Run in collaboration with Northwestern University, Steppenwolf Theatre Company's Next Up program gives a few lucky MFA candidates the chance to stage a show with a professional cast and the imprimatur of one of the bigger fish in America's theatrical pond. I hope the kids get some useful lessons from the experience—but even if they don't, wow, you can't beat Steppenwolf for a resume credit.
The plays picked for this year's Next Up are Neil LaBute's Fat Pig, Adam Bock's The Drunken City, and Anne Washburn's The Internationalist. They have a good deal in common. All three are recent but not new, dating from the mid-2000s. They were all written by active American playwrights (or Americanish, anyway, Bock being a lapsed Canadian). And they all focus on conventionally immature urban American (or maybe Canadian) Gen Xers who fuck up romantically in small, more or less private ways that are traumatic but never quite threatening.
Finally, all of them receive serviceable, less than satisfying productions here.
Let's get Bock's The Drunken City out of the way first, since it's by far the worst piece of the bunch—a grating, textbook example of how sitcom values have colonized the theater. Bossy Melissa, alcoholic Linda, and unassertive Marnie are girlfriends from the suburbs who've come to "the city" for Marnie's bachelorette blowout. By the time we meet them, they're way drunk—as are Frank and Tom, who are engaged in their own pub crawl. Frank has been carrying a torch for the long-lost Priscilla, but when he and Marnie start making out, the earth shakes. I mean, literally. In an ostentatious—and too-often repeated—bit of whimsy, everybody tumbles around the stage like it's Krakatoa.
The really insufferable aspect of The Drunken City is Bock's energetic attempt to draw comedy from stupidity. These folks have that contrived denseness that makes you feel vaguely unclean and anxious when you see it on TV.
Director John Michael DiResta can't overcome that, of course, despite a strong cast—especially Emjoy Gavino as Linda—and a solid sense of pacing. But he and his fellow NU student, designer Yu Shibagaki, unnecessarily hobble the production with a set whose main feature, a stretch of sidewalk, is both nonsensical in terms of the reality of the situation and severely limiting in terms of blocking.
LaBute's Fat Pig depicts the ugly consequences that ensue when young exec Tom falls in love with an obese, affable librarian named Helen, thereby betraying not only his moneyed class but the body-obsessed culture he inhabits. A born preacher, LaBute isn't subtle about drawing contrasts: Tom's relationship with Helen is more than good, it's "ecstasy," and his work friends are less than thoughtless, they're appalling. Fat Pig is brilliant, however, when it comes to demonstrating how nasty social norms can infect and inhibit souls—Helen's as well as Tom's—even (or perhaps especially) in the face of ecstasy.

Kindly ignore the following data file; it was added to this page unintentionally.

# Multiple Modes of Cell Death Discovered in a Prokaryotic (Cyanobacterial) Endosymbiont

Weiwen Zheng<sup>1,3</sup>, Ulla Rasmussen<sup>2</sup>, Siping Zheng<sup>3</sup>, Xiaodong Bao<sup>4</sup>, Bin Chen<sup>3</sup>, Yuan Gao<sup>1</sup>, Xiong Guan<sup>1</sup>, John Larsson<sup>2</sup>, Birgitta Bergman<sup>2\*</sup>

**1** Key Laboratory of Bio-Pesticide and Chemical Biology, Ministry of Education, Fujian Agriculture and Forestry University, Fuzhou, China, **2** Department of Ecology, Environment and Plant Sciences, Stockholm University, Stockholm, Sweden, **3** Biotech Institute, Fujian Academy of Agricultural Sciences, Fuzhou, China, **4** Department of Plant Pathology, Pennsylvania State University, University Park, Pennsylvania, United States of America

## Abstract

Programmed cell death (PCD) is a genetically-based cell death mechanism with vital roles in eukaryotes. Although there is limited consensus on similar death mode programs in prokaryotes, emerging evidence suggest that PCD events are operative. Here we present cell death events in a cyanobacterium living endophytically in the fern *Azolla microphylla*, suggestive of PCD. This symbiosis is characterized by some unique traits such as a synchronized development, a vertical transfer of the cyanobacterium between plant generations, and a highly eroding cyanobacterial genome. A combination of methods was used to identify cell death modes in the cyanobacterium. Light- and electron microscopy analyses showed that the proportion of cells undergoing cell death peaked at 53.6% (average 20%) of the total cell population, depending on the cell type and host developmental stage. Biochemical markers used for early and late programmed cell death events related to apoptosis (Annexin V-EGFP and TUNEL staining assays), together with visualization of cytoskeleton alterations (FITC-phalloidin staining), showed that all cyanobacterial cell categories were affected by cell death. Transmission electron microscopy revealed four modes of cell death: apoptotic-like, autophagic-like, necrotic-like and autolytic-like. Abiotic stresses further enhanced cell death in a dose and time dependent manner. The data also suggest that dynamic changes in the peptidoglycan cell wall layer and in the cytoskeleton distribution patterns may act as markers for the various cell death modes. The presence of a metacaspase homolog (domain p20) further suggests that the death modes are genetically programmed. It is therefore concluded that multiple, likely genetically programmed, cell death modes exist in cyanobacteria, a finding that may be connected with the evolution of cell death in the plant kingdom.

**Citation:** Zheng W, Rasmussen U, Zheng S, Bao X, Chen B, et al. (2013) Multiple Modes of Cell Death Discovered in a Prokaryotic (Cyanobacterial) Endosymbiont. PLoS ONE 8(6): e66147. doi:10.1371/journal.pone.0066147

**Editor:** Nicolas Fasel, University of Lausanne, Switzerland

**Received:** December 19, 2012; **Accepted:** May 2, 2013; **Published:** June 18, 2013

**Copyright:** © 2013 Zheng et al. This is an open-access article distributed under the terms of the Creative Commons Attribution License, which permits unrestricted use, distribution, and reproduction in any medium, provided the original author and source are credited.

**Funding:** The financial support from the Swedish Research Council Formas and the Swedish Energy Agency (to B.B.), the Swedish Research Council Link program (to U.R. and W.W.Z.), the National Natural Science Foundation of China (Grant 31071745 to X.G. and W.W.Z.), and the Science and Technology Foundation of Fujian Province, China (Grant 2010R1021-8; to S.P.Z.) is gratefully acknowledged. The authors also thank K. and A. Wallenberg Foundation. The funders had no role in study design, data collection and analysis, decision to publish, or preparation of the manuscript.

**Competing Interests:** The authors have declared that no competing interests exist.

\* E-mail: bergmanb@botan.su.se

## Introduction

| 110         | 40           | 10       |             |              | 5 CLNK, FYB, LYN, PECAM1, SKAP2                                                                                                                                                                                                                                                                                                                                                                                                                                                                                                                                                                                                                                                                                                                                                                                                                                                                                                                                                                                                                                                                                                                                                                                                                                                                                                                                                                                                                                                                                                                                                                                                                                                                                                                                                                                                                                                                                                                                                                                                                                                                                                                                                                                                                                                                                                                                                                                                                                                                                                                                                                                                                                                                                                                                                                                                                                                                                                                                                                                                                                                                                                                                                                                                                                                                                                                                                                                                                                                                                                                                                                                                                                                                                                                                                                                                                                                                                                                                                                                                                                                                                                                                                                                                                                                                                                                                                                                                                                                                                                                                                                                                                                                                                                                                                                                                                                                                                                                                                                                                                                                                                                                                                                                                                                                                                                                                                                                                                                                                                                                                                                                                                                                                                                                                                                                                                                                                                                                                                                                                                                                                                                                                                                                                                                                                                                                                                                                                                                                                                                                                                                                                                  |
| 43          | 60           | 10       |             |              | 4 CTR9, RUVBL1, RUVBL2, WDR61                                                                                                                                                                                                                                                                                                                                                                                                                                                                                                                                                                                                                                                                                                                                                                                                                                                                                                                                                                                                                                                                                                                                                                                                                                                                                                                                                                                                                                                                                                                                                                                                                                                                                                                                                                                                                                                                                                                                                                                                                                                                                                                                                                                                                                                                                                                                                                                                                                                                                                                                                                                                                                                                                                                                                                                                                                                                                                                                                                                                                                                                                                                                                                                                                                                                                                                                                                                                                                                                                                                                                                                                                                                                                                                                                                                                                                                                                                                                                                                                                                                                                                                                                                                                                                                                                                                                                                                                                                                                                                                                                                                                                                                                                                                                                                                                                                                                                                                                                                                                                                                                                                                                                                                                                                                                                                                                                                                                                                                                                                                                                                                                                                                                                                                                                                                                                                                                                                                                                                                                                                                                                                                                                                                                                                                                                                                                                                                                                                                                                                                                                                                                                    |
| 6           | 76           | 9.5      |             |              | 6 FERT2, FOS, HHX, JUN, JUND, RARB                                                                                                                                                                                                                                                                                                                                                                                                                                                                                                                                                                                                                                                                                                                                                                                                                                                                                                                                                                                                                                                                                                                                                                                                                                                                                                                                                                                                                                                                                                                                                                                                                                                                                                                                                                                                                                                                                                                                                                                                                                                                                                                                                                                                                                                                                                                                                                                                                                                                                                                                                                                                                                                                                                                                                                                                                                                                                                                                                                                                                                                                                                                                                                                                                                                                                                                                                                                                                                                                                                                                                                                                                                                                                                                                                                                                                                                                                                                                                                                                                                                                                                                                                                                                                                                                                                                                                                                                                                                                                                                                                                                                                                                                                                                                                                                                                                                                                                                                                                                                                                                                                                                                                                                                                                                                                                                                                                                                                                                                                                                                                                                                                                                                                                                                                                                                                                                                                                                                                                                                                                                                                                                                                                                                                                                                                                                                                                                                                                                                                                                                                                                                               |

David Prete's production offers some lovely gestures. One in particular has Anne Joy's Helen patting down Tom's suit jacket in search of a pen with which to write her number, and thereby telling us how sweetly unceremonious she is. Where Prete goes wrong is when he pushes other physical bits too far. A moment in which Tom's former office flame starts slapping him silly is, well, silly. Far from providing insight or excitement, it just starts you wondering why she's not fired on the spot.
Of the three, The Internationalist is the most formally intriguing, placing a jet-lagged American businessman, Lowell, in an Eastern European country where he has to cope with a language he doesn't understand and social signals he can't decipher. Washburn puts us in the same disconcerting situation that Lowell is in by having the native characters speak an ersatz patois in his presence. Replete with intrigues sexual and economic, it's reminiscent of China Mieville's great weird-fiction novel The City & the City.
Or it could be, I don't know for sure. Director Erin Murray has bitten off more than she can chew, and the result is confused rather than tantalizing. Murray's crack cast do a marvelous job of spinning out the patois while creating vivid characters, and her set designer, Stephanie Cluggish, pulls off some nice scenic effects. The signs that she's been overwhelmed are fairly obvious, however, in problems ranging from a failure to find a solid convention for language switches to messy transitions when roles are doubled up. The best you can do is respect her ambition.